Licensed electrician ?

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That is scary. My twelve year old son would qualify for that one!
Mark Rand Bsc. Electrical Engineering & Electronics (a 'competent person' under the UK wiring regs)
RTFM
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wrote:

cian_1.pdf
That's not the application for the license. That is the application to take the test, which you must pass to be qualified to apply for a license.
Paul K. Dickman
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On Thu, 24 Jun 2004 19:38:52 -0500, "Paul K. Dickman"

Mea Culpa!!!!
Mark Rand RTFM
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Mark Rand wrote:

Read it again. "The applicant must be 21 years of age". Two years verified work experience is required. Also, that's an application to take an exam which has to be passed.

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--John
Reply to jclarke at ae tee tee global dot net
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Mark Rand wrote:

What I see is :
1. documentation on the person kept in the file - just in case... 2. Tax / a.k.a. fee paid. 3. if licensed this way - at least the customer in trouble can call the city and get some help - or the DA or ....
Martin
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@ home at Lion's Lair with our computer snipped-for-privacy@pacbell.net
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Depends on the locality. My dad had licenses from several surrounding towns where he did work but the state didn't have any licensing authority. In many cities, if you had a license from another town, they'd recognize it and issue a local license on the strength of that upon surrendering the proper amount of green. Having a union card helped there, too, since you had to have gone through the apprenticeship program to get one and were, theoretically, properly trained. If the local building code was considerably different than other towns, you might have to study up and pass the test. He had to do that several times when working out of state.
Stan
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Union card.
scott
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Happens a lot. they simply don't know what they are talking about.

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65 ILCS 5 11-37-1 through -4 says *you* don't know what you're talking about.
In Illinois electrician are licensed by the municipality.

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In the province of British Columbia Canada as well as most or all of the other provinces I believe that in order to obtain a licence as a Electrician you must first complete a 4 or 5 year apprenticeship, write and pass a IP (inter-provincial red seal) test and then pay money to the licencing board to obtain your Electricians License. Thas is pretty standard for most trades in Canada ie: Welding, steel fabrication, machineing/tool&die, millwright-industrial mechanic, auto mechanic/heavy duty-diesel tech,aircraft maintenance engineer, carpentry ect. ect.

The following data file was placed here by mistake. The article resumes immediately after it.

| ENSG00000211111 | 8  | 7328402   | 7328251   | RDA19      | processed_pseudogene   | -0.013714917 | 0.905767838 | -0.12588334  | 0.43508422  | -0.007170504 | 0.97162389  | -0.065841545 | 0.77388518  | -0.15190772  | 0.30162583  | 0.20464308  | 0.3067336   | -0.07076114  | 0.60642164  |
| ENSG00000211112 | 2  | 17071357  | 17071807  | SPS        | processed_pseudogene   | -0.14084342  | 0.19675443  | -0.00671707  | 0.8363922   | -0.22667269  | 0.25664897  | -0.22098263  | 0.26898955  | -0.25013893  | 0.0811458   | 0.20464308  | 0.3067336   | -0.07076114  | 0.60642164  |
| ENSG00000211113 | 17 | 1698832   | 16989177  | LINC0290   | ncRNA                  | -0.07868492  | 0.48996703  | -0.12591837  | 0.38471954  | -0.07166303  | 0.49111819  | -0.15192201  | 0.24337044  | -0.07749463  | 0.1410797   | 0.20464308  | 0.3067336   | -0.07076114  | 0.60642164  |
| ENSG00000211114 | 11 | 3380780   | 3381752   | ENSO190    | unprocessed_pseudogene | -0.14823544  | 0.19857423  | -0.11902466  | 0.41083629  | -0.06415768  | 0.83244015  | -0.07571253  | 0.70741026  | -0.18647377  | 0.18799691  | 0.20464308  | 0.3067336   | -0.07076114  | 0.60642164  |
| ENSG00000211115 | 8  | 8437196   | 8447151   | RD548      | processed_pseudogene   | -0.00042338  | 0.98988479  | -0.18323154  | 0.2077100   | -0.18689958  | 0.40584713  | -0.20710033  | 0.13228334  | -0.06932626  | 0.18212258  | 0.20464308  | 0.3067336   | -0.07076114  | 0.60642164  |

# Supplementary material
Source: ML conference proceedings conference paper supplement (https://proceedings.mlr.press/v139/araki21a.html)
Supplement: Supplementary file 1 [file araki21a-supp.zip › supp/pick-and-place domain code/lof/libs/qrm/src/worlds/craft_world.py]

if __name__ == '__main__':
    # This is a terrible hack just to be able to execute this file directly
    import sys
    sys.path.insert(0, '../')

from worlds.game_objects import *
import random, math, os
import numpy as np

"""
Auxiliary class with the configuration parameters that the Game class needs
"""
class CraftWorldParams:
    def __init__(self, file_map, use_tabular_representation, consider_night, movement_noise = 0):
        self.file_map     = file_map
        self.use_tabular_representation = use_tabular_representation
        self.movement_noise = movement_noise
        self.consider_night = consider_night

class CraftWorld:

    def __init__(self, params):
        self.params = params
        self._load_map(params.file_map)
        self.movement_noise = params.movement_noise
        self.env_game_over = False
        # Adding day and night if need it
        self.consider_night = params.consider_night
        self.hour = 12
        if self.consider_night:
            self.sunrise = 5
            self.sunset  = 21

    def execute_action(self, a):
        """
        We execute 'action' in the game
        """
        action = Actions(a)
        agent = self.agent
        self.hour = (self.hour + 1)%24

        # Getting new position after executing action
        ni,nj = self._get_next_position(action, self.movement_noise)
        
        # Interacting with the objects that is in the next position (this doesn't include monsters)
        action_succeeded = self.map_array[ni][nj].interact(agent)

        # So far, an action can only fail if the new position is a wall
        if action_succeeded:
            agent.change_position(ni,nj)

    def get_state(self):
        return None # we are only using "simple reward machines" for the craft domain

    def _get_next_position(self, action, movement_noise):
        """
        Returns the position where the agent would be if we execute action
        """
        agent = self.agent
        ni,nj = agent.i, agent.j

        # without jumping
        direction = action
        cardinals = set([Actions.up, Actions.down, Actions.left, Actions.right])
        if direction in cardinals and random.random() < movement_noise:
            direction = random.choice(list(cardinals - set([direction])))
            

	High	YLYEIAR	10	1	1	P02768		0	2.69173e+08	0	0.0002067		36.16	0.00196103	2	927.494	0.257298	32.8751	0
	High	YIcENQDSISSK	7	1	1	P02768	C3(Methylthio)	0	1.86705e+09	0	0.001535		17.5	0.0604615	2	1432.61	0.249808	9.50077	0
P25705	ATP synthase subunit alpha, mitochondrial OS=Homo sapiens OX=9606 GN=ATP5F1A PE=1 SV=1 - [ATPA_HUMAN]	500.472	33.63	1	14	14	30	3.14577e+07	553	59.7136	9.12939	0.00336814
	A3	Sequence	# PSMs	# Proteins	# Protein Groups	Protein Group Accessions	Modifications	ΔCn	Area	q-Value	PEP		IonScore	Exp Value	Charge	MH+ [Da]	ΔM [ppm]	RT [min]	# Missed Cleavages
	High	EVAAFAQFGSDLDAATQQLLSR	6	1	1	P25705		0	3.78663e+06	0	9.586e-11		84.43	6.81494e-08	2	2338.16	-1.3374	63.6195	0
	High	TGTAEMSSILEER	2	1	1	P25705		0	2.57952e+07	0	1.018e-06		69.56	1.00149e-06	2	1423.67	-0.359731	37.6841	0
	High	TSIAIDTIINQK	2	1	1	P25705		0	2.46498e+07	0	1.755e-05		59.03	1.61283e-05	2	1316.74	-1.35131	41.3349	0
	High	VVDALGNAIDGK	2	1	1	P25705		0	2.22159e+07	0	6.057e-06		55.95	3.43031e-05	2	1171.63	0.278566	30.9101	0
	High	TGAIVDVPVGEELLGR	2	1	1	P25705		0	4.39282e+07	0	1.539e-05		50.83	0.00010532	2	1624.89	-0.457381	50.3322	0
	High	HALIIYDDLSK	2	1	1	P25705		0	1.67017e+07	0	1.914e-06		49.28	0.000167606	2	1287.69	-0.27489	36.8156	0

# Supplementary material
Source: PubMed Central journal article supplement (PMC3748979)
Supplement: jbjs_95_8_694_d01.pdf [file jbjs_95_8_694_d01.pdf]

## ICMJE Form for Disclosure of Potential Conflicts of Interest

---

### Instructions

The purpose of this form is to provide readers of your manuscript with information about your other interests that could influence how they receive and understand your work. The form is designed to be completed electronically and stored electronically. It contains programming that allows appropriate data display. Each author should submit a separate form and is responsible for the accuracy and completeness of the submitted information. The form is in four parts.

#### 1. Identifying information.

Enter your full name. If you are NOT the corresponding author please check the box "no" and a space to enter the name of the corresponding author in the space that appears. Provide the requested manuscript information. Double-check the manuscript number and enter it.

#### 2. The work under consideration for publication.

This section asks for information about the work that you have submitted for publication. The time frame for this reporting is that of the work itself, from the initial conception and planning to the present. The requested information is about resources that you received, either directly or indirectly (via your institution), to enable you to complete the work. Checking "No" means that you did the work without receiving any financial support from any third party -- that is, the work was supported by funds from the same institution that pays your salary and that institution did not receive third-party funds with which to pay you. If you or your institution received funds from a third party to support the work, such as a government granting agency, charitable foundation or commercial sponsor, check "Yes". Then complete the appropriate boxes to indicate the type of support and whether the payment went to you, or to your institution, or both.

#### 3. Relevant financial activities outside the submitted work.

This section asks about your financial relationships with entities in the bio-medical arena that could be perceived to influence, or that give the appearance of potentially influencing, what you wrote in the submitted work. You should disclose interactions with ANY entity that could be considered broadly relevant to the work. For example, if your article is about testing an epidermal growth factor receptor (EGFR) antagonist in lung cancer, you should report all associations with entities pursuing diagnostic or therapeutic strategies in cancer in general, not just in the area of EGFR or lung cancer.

issues
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On Sat, 26 Jun 2004 01:21:37 GMT, "onsitewelding"
......and in reply I say!:
remove ns from my header address to reply via email
And in Oz, we are theoretically not even allowed to change a fuse without a licensed electrician, licensed as shown below. In fact a registered electrician, apprenticed and diploma(ed), still has to get a ticket" to operate independently. He can work for a licensed leccy or as an employee in-house, but not for himself.

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wrote:

So, what's next in the nanny states, requiring an on-site licensed electrician to plug things in or change light bulbs? ... or maybe go the whole way and require one to even switch on the power to any device.

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On Sun, 27 Jun 2004 19:49:40 GMT, Mark & Juanita
......and in reply I say!:
remove ns from my header address to reply via email
It certainly feels that way.
I actually am not sure how much is nanny state, and how much industry power. People were talking of the "Union ticket" being needed.

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